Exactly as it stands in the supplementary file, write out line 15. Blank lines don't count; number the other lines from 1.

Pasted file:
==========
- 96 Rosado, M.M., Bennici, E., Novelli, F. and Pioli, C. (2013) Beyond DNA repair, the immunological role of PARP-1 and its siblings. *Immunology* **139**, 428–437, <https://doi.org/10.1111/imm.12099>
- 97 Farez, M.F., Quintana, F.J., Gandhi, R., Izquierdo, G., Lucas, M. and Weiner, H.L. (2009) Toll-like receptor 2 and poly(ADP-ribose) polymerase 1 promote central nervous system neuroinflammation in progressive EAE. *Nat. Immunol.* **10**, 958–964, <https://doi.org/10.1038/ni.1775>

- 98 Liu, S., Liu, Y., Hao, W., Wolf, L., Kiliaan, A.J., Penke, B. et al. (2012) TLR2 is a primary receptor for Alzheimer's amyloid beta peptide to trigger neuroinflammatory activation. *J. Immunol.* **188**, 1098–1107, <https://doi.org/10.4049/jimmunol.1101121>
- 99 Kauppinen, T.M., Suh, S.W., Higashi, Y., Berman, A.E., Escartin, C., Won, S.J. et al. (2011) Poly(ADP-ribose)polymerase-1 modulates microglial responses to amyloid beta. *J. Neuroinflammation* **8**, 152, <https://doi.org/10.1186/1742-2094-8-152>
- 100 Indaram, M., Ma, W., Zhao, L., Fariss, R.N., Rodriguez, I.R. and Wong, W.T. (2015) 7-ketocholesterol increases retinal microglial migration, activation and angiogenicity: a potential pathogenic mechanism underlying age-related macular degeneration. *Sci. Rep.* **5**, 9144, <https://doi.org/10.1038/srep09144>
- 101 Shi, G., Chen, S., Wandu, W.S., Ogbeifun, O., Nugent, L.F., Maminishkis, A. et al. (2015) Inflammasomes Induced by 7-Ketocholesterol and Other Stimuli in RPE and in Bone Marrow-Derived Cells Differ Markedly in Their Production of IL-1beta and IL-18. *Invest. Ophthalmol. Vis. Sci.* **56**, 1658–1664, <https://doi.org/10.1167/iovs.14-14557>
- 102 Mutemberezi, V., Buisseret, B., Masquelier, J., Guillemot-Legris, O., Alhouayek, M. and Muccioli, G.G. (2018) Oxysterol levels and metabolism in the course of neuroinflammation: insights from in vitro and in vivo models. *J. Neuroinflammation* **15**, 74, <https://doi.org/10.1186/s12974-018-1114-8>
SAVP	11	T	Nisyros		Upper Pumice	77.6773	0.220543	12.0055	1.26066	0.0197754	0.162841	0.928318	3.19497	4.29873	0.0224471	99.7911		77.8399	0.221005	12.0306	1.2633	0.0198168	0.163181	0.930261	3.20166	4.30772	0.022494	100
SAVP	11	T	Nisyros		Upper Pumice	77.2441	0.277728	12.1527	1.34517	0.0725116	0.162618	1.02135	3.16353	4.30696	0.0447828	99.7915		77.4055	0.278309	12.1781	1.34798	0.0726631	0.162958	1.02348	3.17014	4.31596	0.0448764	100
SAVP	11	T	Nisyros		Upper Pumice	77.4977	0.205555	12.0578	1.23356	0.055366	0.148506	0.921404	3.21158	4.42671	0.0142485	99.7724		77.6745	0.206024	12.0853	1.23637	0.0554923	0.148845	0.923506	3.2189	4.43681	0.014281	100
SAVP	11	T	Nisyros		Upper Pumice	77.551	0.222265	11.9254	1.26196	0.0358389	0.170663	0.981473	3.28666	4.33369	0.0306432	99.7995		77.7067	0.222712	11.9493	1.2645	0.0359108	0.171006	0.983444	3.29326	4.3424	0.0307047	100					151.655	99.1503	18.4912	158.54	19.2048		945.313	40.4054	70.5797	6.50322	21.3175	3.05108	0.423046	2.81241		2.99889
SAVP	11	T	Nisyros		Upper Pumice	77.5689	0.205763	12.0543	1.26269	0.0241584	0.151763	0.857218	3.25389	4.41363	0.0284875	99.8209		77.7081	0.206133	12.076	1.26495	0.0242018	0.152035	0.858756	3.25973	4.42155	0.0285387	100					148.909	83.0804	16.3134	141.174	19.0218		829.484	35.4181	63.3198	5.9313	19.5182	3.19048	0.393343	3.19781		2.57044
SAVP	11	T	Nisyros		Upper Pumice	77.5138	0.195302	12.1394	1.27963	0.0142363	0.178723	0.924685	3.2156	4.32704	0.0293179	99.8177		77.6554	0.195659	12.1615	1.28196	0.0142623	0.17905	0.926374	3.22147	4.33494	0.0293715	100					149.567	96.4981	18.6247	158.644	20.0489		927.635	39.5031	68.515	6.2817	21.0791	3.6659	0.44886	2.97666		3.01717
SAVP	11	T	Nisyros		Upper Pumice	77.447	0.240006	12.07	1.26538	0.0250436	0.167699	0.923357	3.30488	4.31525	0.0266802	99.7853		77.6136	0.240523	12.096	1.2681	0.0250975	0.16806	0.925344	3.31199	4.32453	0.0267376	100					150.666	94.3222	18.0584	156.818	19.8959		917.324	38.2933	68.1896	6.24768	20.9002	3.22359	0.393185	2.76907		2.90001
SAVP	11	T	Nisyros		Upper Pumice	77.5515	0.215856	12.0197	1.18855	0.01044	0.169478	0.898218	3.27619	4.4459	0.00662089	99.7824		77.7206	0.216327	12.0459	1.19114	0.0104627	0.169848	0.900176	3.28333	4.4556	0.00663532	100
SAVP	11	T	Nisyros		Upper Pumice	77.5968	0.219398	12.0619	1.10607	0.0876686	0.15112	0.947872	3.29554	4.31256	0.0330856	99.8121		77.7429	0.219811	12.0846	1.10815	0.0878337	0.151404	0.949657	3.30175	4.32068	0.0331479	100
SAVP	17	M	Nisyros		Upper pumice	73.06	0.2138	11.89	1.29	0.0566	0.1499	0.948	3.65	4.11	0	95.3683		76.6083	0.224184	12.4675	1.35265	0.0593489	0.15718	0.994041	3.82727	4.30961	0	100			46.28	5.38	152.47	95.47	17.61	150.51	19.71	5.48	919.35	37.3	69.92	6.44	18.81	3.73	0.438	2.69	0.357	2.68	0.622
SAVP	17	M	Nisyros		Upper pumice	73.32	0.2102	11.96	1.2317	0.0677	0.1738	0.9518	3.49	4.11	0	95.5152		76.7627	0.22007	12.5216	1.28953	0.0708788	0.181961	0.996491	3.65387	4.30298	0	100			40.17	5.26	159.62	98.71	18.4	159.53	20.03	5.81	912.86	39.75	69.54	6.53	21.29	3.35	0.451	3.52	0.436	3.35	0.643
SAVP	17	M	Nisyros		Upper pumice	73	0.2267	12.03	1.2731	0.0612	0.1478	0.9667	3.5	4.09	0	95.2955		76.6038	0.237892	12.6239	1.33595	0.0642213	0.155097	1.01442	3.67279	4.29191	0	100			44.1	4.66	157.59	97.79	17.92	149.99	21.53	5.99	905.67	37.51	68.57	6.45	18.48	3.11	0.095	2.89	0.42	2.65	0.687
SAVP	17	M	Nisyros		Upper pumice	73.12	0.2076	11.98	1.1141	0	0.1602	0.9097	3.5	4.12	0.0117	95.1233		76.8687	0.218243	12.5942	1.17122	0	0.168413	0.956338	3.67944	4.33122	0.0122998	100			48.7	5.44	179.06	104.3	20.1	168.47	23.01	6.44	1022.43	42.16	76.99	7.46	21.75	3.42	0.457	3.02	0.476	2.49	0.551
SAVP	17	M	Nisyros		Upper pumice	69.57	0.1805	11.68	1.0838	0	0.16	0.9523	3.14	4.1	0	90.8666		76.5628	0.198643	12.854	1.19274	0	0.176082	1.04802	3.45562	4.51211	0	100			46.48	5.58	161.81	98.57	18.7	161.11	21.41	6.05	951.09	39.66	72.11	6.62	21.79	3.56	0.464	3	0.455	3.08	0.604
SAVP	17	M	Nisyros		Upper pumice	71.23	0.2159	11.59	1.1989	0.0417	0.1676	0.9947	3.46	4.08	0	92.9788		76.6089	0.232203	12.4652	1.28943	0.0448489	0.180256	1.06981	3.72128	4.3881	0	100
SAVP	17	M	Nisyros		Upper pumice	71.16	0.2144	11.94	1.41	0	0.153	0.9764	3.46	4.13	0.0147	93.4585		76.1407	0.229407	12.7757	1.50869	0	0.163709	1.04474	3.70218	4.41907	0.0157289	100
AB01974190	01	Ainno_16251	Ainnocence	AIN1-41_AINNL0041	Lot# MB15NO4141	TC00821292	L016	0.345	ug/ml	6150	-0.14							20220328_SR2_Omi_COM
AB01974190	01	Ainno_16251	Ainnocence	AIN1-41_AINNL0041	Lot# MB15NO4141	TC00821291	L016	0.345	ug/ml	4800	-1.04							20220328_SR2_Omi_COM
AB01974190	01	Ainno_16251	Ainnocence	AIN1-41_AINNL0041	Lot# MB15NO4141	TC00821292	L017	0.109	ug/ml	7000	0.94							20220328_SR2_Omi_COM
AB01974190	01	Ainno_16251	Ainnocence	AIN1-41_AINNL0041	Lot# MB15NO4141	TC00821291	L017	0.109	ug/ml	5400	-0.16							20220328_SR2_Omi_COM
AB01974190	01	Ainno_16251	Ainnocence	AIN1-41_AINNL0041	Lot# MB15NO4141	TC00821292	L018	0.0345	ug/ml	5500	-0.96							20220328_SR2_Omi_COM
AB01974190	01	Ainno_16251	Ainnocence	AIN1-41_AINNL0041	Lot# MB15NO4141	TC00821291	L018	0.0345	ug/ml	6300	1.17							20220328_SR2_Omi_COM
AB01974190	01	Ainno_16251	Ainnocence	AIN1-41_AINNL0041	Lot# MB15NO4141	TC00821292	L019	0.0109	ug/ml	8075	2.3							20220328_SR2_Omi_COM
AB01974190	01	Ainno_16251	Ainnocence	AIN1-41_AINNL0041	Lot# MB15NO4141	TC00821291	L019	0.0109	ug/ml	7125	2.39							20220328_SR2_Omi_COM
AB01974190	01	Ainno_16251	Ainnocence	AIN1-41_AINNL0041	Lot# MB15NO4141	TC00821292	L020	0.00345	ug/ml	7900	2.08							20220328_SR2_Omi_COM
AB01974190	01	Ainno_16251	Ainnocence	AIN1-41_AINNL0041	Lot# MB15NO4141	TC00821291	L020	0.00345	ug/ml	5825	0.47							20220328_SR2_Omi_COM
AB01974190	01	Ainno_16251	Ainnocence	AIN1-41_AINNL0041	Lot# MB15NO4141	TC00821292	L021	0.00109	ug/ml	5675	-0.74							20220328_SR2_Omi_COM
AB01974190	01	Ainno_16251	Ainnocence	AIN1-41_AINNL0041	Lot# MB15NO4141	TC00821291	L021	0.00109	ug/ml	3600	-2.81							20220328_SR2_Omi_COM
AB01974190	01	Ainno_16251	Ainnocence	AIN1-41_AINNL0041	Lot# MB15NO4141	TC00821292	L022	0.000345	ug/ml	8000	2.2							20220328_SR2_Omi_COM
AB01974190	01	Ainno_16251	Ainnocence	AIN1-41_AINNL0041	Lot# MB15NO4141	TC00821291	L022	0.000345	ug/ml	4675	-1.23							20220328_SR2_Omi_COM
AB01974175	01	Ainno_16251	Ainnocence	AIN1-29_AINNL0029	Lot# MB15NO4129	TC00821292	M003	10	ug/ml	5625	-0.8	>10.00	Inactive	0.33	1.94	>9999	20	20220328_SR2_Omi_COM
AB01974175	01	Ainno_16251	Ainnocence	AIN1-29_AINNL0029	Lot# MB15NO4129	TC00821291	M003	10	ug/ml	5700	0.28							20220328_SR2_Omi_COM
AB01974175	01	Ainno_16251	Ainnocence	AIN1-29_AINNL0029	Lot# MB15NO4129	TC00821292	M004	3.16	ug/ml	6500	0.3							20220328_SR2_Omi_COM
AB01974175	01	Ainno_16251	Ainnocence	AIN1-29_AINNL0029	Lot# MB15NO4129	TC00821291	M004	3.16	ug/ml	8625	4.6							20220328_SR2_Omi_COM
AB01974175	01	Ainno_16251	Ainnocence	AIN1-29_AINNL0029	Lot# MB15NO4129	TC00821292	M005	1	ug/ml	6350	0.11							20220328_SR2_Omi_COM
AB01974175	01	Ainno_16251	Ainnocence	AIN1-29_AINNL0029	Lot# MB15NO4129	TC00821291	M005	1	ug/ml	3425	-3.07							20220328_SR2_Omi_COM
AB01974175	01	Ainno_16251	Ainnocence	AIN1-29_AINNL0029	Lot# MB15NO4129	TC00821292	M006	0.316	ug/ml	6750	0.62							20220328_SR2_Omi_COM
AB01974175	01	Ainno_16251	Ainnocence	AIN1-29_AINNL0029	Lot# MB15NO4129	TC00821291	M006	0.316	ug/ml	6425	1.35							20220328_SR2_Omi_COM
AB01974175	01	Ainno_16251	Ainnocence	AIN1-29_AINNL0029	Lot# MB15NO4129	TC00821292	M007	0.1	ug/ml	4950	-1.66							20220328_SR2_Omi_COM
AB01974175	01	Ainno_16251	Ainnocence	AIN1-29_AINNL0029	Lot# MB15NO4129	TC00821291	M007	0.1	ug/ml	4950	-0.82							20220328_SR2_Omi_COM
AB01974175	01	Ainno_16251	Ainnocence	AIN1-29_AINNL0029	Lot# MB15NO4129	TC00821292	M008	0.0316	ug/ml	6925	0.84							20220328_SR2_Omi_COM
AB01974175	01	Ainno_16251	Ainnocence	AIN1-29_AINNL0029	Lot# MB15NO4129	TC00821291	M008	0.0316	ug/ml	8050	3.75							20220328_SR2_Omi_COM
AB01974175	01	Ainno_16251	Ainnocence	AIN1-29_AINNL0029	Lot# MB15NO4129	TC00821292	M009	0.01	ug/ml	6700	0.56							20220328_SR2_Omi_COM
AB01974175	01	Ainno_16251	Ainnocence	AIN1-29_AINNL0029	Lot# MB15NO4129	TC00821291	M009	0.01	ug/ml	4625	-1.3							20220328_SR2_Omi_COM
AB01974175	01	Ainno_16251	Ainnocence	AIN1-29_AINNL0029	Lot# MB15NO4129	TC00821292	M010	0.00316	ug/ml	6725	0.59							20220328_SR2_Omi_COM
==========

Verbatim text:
SAVP	11	T	Nisyros		Upper Pumice	77.5515	0.215856	12.0197	1.18855	0.01044	0.169478	0.898218	3.27619	4.4459	0.00662089	99.7824		77.7206	0.216327	12.0459	1.19114	0.0104627	0.169848	0.900176	3.28333	4.4556	0.00663532	100